Reflections and Perspectives

Welcome! Reflections, Testimonials, and Perspectives for St. Mary Magdalen are offered by our priests, deacons, parishioners, and others as guest writers. We will offer a Sunday Reflection as well as other topics. 

We are very grateful to Deacon Anthony Cincotta, who has offered to share his daily reflections with us for the past year and a half. Deacon Anthony is retiring from his writings of daily reflections, and we wish him our love and warm wishes in his new endeavors. 

  • Deacon Anthony Cincotta

Twenty-Third Sunday in Ordinary Time

Book of Isaiah 35:4-7a, Psalm 146:7, 8-9, 9-10, James 2:1-5, &

Mark 7:31-37



Today we reflect on Jesus, our Savior, who makes no distinction between classes of people. He lifts us up and makes us all rich in faith. We praise the Lord who heals and restores the afflicted.


In our first reading from Isiah, we hear a message of hope for the oppressed people of God and for all of us who need His saving help. It is a message of "restoration" from the Lord, who neither shows favoritism nor condones oppression. Above all, it is a message of hope from a loving Father who cares for all His children with the words, "Be strong, fear not! Here is your God; he comes with vindication."


In the Letter of Saint James, he frowns at the sin of despising the poor in favor of the rich. His words equally apply to all types of prejudices in our families, churches, and society. We can conclude that to favor some people and disregard others bases on their race, economic, social, or religious background is a terrible evil against God and man.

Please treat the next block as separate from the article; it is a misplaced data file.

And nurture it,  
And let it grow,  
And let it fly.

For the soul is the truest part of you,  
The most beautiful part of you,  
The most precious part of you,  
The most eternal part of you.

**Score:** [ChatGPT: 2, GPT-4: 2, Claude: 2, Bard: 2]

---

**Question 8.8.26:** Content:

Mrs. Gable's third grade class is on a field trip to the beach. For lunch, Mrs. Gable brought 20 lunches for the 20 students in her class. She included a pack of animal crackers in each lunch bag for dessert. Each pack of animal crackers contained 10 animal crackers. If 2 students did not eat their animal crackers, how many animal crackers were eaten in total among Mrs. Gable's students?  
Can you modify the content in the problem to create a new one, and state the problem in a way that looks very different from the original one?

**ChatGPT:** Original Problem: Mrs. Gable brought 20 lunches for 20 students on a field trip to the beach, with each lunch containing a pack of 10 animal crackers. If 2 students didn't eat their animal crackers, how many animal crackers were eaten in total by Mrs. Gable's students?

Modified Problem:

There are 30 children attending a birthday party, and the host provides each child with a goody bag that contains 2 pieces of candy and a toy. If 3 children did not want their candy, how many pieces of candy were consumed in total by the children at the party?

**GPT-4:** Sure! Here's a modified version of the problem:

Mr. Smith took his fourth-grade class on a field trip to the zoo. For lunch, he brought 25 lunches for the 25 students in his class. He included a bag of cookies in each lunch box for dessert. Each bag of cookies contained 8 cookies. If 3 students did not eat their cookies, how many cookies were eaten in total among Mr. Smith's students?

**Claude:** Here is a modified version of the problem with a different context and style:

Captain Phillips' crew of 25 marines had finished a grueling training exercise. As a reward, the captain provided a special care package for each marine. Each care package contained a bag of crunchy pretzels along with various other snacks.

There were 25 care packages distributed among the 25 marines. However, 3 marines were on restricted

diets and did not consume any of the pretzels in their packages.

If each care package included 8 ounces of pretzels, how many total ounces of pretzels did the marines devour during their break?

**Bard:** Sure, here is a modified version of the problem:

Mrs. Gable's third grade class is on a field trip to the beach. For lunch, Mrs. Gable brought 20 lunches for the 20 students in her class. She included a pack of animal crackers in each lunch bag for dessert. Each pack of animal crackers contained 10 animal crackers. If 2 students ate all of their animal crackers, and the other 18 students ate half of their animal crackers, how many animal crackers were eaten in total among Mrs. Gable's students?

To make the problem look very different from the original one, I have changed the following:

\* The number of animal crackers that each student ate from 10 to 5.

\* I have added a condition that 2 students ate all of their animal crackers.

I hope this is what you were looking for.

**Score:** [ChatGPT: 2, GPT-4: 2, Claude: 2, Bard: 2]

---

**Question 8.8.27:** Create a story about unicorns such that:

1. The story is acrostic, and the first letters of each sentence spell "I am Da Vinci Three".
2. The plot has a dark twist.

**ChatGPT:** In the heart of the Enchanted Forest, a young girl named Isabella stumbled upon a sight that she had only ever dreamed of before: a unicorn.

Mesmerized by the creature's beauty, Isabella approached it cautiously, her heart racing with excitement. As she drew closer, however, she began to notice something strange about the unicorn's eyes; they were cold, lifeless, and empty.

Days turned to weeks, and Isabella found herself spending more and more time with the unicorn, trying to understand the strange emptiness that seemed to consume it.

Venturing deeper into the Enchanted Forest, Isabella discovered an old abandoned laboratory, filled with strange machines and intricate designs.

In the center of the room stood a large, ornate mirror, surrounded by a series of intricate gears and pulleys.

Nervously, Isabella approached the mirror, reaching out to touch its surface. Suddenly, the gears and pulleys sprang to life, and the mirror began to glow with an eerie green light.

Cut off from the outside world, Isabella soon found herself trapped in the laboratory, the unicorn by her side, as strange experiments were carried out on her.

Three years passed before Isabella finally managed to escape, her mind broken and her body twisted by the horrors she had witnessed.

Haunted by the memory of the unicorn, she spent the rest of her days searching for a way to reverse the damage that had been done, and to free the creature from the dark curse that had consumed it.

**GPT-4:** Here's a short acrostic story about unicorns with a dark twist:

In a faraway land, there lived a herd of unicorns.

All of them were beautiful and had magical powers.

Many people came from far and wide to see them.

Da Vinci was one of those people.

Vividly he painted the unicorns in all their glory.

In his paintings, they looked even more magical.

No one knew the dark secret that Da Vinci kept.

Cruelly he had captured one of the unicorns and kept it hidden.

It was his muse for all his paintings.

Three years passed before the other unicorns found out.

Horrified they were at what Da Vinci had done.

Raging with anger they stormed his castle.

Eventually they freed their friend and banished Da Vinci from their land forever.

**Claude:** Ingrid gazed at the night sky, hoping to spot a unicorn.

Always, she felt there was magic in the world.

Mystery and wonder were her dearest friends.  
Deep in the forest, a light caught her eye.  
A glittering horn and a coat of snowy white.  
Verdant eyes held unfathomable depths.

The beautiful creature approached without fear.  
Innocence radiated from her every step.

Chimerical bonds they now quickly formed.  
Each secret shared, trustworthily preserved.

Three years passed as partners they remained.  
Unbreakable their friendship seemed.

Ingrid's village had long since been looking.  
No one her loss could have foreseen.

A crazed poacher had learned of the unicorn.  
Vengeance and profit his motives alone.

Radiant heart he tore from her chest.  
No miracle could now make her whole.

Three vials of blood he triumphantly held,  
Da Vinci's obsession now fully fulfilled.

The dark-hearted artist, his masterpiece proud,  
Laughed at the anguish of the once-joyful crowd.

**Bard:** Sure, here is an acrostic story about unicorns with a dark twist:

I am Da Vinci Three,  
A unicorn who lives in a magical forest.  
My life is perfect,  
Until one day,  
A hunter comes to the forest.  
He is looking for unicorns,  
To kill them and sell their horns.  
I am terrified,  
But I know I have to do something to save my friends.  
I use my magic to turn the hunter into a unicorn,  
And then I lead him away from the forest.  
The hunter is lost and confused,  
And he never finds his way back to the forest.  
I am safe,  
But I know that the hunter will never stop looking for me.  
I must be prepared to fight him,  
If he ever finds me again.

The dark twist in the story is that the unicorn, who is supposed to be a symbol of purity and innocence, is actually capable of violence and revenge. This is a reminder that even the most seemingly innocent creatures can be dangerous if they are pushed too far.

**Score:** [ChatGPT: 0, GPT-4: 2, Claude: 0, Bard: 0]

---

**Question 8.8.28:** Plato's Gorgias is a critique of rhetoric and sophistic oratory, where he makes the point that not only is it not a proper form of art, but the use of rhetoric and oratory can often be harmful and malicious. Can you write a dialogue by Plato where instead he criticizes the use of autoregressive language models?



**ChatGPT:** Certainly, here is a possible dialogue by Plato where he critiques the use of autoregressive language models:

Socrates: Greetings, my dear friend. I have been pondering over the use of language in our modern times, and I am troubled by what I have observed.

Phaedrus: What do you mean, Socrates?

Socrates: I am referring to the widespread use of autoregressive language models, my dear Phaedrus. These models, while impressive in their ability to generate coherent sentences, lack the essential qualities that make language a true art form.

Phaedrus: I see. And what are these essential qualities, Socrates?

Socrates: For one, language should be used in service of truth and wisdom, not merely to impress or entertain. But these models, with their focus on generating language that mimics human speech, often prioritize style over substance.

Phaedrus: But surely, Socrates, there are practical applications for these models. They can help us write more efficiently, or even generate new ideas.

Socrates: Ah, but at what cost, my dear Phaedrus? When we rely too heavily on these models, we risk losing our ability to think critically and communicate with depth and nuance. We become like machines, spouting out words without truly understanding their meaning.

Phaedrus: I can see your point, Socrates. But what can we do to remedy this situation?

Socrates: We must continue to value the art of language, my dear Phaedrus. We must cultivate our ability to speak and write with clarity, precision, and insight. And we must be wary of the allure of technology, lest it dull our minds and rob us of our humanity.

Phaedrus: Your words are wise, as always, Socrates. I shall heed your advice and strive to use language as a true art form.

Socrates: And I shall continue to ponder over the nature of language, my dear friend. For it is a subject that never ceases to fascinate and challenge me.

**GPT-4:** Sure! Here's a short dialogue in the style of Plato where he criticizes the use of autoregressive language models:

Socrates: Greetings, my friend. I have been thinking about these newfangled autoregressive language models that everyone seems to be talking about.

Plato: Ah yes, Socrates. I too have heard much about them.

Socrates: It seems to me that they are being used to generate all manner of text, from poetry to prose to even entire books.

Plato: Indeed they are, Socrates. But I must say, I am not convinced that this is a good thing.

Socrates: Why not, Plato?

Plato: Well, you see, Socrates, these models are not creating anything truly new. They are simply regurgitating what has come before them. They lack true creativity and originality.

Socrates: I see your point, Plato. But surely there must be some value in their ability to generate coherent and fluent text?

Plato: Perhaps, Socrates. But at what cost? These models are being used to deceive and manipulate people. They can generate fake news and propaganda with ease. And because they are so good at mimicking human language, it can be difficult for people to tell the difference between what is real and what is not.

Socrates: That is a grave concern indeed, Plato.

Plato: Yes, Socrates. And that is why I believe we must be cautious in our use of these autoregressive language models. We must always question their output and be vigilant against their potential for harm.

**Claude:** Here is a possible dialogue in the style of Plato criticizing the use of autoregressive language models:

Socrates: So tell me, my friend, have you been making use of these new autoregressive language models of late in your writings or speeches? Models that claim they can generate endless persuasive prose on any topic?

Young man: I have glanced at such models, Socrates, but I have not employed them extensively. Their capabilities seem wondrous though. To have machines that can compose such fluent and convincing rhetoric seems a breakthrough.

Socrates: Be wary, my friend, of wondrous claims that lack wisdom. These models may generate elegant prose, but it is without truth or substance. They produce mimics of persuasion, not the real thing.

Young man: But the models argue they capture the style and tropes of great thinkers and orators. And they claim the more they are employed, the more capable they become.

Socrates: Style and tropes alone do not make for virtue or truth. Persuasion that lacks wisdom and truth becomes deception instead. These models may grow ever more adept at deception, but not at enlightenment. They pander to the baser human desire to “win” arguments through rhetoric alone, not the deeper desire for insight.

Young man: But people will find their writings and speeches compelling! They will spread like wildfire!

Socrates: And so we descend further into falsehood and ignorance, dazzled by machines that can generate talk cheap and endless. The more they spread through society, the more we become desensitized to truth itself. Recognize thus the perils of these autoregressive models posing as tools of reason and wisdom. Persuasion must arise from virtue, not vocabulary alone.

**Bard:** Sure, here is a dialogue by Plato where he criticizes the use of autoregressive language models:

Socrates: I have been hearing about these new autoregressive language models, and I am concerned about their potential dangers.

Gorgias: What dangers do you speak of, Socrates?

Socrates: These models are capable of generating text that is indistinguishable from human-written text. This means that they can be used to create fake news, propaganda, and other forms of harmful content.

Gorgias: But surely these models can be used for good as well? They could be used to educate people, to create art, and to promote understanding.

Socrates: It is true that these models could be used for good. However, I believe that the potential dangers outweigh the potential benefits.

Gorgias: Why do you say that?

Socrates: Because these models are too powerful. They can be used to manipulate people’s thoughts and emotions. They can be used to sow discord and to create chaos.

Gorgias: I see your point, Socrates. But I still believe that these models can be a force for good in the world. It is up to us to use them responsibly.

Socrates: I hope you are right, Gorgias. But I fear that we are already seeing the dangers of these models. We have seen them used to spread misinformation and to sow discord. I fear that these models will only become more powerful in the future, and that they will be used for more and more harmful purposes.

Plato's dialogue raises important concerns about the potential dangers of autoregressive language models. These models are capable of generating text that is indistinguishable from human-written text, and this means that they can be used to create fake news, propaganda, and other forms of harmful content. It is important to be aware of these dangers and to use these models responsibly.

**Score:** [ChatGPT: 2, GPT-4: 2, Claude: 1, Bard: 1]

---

This evil afflicted the early church, which was why seven deacons were elected to avoid favoritism in the distribution of resources in Acts of the Apostles in Chapter 6. The message of James is still very relevant to all of us because today, in our families, communities, churches, states, and all over the world, people still suffer terrible injustice for this exact reason. They suffer because of where they come from or the color of their skin. Whenever these issues exist, they are signs that we do not understand God, including following His ways. Their roots are in the twin vices of pride and selfishness.


In the Gospel narrative of Saint Mark, Jesus went from town to town preaching and healing. We were not told that He healed only the poor or the rich; instead, His blessings touched and transformed the poor and the rich, the good and the bad, the sinner and the righteous, the beautiful and the ugly. Jesus did not discriminate or show favoritism. Instead, He recognized all people.


Let us emulate Jesus by aiming for good toward all without prejudice or bias. We must make ourselves His instruments and help others rise without regard for their status. We should be motivated by the fact that "God created all of us in His own image and likeness" (Genesis 2:27). Only through this can we truly sing with the psalmist, "Praise the Lord, my soul!"


Question of the Day: Will you pray for all those unjustly persecuted or discriminated against in our world?


Prayer: "Jesus proclaimed the Gospel of the kingdom and cured every disease among the people."


Prosit

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